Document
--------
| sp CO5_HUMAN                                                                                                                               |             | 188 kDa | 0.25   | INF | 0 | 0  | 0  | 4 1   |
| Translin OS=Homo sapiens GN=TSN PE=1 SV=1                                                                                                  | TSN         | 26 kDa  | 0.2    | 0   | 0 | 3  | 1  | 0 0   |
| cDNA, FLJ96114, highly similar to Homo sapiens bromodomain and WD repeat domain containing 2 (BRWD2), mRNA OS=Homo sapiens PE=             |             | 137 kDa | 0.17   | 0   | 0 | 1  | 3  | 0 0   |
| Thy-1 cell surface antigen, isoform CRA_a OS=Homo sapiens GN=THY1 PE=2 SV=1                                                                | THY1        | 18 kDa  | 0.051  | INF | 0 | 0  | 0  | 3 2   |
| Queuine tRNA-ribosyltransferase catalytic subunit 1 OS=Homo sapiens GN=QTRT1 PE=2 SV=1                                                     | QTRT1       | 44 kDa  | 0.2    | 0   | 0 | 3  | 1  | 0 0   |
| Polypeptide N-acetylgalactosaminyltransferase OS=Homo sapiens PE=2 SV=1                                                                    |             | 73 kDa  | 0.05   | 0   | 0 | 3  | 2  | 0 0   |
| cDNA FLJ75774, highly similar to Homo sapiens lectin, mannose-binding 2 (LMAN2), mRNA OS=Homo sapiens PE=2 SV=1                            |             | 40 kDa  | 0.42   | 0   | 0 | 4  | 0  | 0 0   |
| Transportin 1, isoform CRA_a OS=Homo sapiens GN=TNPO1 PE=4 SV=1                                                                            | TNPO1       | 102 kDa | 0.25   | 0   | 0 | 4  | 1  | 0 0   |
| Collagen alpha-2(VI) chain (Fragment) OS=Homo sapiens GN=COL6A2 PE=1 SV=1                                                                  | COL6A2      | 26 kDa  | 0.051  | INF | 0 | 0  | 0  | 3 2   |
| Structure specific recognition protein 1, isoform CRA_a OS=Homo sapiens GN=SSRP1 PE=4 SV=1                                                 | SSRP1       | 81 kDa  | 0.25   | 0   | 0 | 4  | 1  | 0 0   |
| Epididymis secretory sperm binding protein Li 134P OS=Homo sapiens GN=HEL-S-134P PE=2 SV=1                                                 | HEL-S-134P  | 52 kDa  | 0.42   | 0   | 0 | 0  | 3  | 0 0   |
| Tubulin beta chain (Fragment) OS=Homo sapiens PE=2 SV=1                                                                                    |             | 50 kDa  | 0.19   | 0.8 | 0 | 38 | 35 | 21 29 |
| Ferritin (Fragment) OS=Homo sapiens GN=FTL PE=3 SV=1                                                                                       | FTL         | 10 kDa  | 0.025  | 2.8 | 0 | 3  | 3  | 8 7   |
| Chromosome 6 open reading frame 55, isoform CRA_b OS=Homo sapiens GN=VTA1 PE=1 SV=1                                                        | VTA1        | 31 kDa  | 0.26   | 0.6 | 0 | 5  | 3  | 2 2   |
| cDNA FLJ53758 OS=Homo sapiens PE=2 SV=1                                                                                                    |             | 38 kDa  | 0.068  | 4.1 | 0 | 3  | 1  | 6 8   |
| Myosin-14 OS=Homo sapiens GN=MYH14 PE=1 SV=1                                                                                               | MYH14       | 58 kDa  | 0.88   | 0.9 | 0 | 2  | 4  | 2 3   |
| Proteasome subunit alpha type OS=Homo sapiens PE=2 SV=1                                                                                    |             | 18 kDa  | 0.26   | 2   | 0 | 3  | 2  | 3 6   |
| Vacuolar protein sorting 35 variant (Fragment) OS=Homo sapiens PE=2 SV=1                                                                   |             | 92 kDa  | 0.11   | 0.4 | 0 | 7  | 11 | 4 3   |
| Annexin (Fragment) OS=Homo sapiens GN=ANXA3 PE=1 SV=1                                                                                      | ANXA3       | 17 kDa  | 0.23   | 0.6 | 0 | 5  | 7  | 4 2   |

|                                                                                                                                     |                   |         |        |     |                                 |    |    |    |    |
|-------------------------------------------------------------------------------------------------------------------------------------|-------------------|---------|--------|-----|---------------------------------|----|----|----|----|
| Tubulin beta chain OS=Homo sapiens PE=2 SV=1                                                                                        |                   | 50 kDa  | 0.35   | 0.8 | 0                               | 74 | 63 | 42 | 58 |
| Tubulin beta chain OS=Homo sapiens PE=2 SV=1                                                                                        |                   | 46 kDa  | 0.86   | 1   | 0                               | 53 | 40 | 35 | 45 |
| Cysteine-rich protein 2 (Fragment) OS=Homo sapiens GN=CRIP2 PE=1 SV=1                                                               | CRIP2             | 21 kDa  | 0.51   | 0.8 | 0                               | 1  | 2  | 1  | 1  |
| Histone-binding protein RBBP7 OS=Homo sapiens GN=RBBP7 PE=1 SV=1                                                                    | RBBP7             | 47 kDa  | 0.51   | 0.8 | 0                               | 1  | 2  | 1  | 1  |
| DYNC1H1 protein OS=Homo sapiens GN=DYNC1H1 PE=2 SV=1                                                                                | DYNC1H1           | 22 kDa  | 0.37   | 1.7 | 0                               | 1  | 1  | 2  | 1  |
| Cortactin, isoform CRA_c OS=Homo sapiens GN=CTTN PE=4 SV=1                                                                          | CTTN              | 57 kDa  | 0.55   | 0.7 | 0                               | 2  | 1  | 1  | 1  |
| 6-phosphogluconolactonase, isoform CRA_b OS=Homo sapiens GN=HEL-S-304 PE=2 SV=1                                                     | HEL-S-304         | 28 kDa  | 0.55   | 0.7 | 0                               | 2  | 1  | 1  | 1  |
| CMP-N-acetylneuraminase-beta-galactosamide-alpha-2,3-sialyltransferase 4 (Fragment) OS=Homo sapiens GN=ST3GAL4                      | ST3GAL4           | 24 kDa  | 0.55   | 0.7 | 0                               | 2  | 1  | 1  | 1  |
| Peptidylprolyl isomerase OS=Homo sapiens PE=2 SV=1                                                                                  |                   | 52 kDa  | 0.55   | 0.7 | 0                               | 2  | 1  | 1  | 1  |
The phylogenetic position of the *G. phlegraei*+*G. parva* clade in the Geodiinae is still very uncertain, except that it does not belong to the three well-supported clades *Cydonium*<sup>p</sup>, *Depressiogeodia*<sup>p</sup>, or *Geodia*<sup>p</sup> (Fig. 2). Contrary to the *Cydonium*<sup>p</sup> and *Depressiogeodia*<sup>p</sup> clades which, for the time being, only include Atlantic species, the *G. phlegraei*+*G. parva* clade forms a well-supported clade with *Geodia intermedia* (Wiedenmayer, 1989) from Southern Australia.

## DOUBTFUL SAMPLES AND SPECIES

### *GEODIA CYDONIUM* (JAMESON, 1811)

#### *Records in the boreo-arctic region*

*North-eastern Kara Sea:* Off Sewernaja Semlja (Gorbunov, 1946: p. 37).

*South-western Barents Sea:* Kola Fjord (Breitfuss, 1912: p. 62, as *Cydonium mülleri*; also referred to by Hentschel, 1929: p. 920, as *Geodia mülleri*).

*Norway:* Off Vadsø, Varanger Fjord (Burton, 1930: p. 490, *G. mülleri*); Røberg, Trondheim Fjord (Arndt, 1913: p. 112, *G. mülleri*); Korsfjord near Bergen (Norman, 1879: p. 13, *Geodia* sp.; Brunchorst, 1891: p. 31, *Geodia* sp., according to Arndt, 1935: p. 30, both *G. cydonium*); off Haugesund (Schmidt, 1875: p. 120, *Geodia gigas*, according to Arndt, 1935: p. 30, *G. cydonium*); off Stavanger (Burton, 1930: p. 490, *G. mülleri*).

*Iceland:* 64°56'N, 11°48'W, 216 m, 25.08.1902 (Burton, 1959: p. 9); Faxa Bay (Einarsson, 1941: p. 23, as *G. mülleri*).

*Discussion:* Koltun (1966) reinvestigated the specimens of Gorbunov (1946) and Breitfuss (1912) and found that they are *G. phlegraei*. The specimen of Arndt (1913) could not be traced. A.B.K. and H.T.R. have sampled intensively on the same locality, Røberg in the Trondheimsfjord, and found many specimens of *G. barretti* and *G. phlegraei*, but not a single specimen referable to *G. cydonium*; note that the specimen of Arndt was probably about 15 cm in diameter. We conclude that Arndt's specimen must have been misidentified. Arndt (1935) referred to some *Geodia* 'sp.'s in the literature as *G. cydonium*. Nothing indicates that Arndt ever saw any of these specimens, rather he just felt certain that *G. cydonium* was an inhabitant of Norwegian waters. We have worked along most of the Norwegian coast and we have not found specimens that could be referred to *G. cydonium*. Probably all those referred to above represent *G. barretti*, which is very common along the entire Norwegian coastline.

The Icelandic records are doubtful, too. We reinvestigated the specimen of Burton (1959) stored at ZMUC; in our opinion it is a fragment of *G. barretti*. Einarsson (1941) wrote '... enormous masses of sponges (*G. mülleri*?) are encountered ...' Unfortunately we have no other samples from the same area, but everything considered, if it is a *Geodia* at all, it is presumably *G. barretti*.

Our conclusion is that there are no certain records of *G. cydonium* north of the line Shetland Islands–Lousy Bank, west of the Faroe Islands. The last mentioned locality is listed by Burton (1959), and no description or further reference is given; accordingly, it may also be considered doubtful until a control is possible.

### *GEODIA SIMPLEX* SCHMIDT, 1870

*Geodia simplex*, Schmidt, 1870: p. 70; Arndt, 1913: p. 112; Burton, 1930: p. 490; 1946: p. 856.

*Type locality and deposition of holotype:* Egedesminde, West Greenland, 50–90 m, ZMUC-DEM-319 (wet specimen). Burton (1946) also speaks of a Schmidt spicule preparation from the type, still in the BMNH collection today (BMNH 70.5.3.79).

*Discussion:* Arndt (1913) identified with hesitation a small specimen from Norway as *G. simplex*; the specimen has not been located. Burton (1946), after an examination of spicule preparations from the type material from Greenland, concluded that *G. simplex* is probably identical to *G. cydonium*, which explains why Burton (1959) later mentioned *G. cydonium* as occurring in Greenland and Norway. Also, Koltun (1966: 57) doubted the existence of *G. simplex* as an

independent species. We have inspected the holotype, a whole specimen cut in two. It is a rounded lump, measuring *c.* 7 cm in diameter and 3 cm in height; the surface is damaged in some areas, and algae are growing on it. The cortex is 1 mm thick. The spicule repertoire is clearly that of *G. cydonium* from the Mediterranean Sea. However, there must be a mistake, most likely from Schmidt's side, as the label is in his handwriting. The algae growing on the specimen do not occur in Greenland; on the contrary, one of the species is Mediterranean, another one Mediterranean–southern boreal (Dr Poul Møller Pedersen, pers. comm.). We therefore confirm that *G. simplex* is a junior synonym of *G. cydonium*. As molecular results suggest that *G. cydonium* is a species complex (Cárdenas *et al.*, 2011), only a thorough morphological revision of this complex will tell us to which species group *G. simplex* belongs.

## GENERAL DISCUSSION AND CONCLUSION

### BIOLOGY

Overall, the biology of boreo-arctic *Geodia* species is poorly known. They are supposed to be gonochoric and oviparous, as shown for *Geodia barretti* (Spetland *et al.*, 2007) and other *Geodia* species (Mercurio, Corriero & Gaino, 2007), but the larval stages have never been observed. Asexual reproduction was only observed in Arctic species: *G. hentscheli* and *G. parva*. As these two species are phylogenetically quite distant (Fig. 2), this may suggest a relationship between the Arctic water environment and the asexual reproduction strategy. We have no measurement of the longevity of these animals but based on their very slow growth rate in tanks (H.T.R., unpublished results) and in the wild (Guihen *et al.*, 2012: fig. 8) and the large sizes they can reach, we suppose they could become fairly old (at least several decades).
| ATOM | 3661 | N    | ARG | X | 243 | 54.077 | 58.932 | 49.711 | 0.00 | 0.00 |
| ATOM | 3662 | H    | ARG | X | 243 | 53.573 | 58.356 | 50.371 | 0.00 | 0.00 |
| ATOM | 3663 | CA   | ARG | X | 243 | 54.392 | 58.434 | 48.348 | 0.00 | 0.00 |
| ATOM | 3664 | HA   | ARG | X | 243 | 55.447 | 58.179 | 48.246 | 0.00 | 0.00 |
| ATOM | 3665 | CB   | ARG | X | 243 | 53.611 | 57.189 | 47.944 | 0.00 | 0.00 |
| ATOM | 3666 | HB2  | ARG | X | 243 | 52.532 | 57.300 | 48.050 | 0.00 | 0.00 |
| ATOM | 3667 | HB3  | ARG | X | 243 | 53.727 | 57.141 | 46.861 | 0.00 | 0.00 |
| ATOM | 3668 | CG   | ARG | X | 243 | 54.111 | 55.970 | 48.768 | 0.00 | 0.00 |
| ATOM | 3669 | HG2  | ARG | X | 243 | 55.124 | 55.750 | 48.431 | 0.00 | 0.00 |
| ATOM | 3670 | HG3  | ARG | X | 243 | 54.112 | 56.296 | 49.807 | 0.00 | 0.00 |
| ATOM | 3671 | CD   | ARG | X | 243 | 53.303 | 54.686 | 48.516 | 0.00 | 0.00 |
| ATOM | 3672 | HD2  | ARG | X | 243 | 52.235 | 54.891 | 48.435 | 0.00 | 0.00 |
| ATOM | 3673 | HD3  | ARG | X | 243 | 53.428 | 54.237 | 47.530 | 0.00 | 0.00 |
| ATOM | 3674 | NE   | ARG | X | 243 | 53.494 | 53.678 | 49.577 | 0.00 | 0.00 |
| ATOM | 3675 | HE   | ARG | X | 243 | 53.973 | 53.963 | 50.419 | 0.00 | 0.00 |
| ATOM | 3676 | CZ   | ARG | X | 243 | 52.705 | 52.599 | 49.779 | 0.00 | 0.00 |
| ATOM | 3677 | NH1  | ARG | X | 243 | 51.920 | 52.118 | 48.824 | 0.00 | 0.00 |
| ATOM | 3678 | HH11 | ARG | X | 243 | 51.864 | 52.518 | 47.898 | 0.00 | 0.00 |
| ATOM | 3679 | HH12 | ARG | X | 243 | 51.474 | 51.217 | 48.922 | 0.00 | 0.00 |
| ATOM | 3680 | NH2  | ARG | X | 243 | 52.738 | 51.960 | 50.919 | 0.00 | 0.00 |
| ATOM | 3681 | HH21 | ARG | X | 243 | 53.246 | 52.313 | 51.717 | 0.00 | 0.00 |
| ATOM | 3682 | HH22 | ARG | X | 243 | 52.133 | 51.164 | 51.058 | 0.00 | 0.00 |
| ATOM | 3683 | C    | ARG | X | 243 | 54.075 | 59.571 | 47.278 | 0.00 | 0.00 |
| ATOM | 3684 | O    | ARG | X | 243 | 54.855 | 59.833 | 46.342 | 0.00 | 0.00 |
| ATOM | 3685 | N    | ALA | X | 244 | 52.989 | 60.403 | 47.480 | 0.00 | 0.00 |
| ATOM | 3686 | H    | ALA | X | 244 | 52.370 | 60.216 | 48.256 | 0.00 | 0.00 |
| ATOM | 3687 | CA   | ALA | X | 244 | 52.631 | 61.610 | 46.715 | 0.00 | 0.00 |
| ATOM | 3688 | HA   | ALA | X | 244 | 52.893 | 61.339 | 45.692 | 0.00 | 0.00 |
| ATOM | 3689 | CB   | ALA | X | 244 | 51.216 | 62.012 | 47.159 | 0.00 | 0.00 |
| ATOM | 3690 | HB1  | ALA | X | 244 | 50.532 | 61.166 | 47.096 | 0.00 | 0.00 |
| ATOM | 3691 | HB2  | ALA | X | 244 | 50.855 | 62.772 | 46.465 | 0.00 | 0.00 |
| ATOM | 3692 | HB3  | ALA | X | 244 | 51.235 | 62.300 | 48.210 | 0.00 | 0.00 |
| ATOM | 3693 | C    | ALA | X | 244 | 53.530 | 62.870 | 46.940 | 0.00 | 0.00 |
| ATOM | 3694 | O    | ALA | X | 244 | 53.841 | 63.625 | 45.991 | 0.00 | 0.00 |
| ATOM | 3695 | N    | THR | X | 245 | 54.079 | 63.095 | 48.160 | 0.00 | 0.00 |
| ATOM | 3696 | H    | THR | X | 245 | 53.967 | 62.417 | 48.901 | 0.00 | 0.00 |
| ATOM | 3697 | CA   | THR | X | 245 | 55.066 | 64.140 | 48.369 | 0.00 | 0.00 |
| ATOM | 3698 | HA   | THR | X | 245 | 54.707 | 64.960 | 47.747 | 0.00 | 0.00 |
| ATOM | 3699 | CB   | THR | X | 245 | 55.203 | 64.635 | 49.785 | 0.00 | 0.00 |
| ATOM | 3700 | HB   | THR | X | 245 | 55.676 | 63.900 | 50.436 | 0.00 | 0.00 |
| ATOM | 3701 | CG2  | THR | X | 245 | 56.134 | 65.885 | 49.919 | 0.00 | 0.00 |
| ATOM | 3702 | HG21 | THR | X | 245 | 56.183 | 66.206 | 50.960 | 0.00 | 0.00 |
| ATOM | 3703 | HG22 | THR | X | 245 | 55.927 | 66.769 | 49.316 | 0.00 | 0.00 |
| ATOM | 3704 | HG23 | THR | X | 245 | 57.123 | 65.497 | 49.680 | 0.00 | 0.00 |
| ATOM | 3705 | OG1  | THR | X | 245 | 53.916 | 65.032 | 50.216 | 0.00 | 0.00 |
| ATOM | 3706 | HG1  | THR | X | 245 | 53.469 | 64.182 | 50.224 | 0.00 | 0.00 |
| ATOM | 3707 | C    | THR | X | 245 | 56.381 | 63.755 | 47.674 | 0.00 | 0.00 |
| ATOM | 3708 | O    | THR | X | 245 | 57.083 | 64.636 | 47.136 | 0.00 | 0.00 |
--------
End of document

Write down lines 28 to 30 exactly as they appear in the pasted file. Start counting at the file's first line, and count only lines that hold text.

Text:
| 6-phosphogluconolactonase, isoform CRA_b OS=Homo sapiens GN=HEL-S-304 PE=2 SV=1                                                     | HEL-S-304         | 28 kDa  | 0.55   | 0.7 | 0                               | 2  | 1  | 1  | 1  |
| CMP-N-acetylneuraminase-beta-galactosamide-alpha-2,3-sialyltransferase 4 (Fragment) OS=Homo sapiens GN=ST3GAL4                      | ST3GAL4           | 24 kDa  | 0.55   | 0.7 | 0                               | 2  | 1  | 1  | 1  |
| Peptidylprolyl isomerase OS=Homo sapiens PE=2 SV=1                                                                                  |                   | 52 kDa  | 0.55   | 0.7 | 0                               | 2  | 1  | 1  | 1  |